If you’re shopping at a kutsuya (shoe store), you can address the workers as kutsuya-san, which literally means “Mr./Ms. Shoe Store.”
But it's actually taken to mean “gentleman/lady who works in this shoe store.” If you need someone’s help but don’t know their name, you might be able to use –san anyway!
#2 -Sama (様, さま)
You'll rarely hear –sama (様, さま), the much more formal version of –san (さん), in general conversation.
Because of its politeness, you’re likely to use –sama in only a few very specific circumstances, such as:
- when addressing customers, if you work at a shop. The word for customer, okyakusuma (お客さま, おきゃくさま), includes the honorific!
- when addressing a business client in an email
- addressing an entire family if you write a New Year’s card
- or speaking to someone of high rank or who garners deep respect (think political figures, the head monk at a temple, or someone you deeply admire)
- when answering the phone and unsure of the right honorific to use for someone
As you can imagine, you’ll encounter this suffix more frequently if you work in Japan than if you’re just visiting. Here's an example:
- I’m sorry, could you tell me who is calling?
- Shitsurei desu ga, dochira-sama desu ka?
#3 -Kun (君, くん)
Kun (君, くん) is an honorific that is gender- and age-specific. You should only use kun (君, くん) when speaking to a male who is younger than you – usually a teenager or young adult.
It’s slightly casual. But you’ll still find it in a variety of business settings, such as among friendly male coworkers of the same rank. The kanji is actually the same as that for kimi, an informal way of saying “you.”
You’re also likely to hear it from a superior speaking to someone of a lower rank.
If you’re looking for opportunities to use -kun, try it out with your male friends!
For example, a senior in high school might say the following to Takeshi (たけし), a male friend two grades below them:
- Takeshi, did you eat too much?
- Takeshi-kun, tabesugi datta?
On the other hand, if Takeshi were older, the person speaking to him would use -san (さん).
#4 -Chan (ちゃん)
The -chan (ちゃん) suffix is in many ways the “feminine” equivalent of -kun. You can use it for or among girls, though it has a number of other uses too such as talking to or about babies, small children, grandmas, and animals.
Couples and close friends also use chan (ちゃん), especially for women. It’s thought to have originated from babies and children who struggled to say san (さん).
If you’re looking for an on-point way to clarify just how cute you think something (or someone) is, -chan is the way to go. Whether it’s calling a little kid by -chan or naming your tiny, yippy little dog Yuki-chan, sweetness is the name of the game if you’re using -chan.
But I'd recommend that you keep this one out of business or formal relations. Instead, use it in a context like the one below.
For example, imagine a little girl (or boy) comes out of a fitting room wearing a cute outfit. Their mother might say:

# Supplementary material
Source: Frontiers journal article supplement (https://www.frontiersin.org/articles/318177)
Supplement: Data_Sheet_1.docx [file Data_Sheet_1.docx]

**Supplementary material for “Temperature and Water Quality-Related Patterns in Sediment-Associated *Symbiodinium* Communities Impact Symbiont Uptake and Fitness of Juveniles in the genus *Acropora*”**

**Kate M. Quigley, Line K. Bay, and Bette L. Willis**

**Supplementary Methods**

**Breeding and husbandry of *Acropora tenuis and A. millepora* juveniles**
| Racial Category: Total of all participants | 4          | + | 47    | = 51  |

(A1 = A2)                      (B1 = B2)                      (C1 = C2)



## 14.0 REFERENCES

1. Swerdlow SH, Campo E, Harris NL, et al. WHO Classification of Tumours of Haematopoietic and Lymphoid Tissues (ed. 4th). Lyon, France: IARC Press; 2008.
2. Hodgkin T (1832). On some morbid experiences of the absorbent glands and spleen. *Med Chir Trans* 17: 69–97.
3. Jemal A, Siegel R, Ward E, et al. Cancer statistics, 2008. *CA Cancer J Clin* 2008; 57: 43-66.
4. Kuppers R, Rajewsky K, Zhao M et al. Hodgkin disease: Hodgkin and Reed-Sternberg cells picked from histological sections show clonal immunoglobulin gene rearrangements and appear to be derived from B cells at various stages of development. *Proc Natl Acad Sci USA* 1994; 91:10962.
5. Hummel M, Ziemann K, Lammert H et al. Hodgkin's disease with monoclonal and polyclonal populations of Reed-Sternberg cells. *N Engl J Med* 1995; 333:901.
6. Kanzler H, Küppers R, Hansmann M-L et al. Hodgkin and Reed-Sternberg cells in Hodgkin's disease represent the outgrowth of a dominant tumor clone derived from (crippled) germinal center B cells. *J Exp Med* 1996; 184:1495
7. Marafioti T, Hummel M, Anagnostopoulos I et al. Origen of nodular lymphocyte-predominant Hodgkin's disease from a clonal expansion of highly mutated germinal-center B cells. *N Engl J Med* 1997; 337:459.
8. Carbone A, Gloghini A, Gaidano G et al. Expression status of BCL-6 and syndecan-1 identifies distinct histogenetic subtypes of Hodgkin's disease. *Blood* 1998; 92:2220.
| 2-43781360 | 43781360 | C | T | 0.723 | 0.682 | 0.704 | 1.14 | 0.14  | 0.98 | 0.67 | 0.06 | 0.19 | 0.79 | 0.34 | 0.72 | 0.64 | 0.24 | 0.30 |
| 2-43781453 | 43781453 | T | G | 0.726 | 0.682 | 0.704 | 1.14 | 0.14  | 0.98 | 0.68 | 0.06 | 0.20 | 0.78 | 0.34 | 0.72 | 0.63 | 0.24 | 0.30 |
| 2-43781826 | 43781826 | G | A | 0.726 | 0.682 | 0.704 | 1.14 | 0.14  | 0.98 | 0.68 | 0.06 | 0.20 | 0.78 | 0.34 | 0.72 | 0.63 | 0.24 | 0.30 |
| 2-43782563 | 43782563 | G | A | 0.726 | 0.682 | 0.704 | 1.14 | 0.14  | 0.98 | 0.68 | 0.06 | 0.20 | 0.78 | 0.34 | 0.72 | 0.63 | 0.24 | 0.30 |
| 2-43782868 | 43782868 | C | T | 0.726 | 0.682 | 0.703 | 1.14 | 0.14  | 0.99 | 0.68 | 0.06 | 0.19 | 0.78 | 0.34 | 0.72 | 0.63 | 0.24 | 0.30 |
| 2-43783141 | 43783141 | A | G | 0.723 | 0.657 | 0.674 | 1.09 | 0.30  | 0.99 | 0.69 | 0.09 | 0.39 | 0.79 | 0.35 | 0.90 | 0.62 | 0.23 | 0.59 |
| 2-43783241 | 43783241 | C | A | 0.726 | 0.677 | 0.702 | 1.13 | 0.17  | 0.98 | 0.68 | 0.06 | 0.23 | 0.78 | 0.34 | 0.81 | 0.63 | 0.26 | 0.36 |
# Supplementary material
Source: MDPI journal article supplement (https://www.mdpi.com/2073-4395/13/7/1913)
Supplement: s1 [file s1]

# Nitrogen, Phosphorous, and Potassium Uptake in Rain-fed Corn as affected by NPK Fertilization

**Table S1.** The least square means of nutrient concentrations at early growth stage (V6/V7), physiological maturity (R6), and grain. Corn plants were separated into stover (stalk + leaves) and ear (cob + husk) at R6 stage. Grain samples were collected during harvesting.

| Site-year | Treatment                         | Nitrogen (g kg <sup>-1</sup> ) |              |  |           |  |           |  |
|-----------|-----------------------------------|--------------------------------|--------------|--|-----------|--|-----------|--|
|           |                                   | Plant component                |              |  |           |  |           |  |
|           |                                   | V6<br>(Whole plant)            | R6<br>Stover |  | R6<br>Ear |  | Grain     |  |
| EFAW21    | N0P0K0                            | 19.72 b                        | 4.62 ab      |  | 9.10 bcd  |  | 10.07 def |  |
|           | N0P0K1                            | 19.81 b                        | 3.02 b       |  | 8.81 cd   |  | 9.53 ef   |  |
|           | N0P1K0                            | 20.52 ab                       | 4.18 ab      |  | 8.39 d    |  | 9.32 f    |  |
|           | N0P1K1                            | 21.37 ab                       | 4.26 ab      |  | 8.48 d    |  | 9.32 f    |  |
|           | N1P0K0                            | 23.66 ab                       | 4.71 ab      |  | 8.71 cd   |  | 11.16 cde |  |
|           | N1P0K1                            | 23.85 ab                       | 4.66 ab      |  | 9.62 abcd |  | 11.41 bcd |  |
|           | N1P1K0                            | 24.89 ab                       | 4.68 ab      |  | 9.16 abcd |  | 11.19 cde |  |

- Mao, you’re so cute!
- Mao-chan, kawaii!
Never use chan (ちゃん) at work or when speaking to someone older.
Two Honorifics You Mostly Come Across In J-Drama And Anime
Because so many people fall in love with Japanese through manga, anime, or J-dramas, I wanted to let you know about two honorifics you might hear a lot when watching these kinds of shows.
Neither is common at all outside of these programmes. Phew!
#5 Tono/Dono (殿、との/どの)
Pronounced tono (殿、との) when on its own and –dono (どの) when attached to a name, tono/dono is one step down from sama (様, さま) and means “lord”.
Suffixes like -dono are the sort where you’ve either heard them consistently or never before.
The reason for this is its common appearance in anime. Otherwise, the -dono suffix is largely archaic, so you’re unlikely to hear it.
If you do, it’s probably being used in a joking manner.
You can sometimes use it with a pinch of humour to poke fun at someone’s age—like calling that grumpy man down the street “Old Man Bill” even though he’s barely past 40.
- Using -dono in normal conversation? Not recommended.
- Using -dono while conducting a stage play about the 18th-century Japanese military? The more the better.
#6 Me (奴, め)
Me (奴, め) is a derogatory honorific (almost an oxymoron!) that you’ll often see used in anime and manga.
It can be attached to anyone or anything – people, animals, inanimate objects, pronouns – to express strong dislike or anger.
Avoid using it in conversation, even in jest, unless you’re very close to someone who uses it with you in conversation.
Japanese Suffixes That Stand On Their Own
In this section, you'll discover some unique honorifics that can stand on their own, separate of someone’s name. Including one that you must never use as a suffix. If it sounds confusing, don't worry, it really is pretty simple.
#7 Senpai (先輩、せんぱい)
The word senpai refers to someone within your circle or group—think school, your department at work, and so on—who outranks you, most often in experience but potentially in age.
A first year at secondary school or uni would address an older student as senpai, as would an intern addressing a coworker with more experience.
Could you use –san here? Sure. You can always use –san. But it’s nice to have options.
If Matt is one year ahead of you in school, you could refer to him as Matt-senpai. Similarly, you could simply say that Matt is your senpai, because the word senpai can stand on its own as well.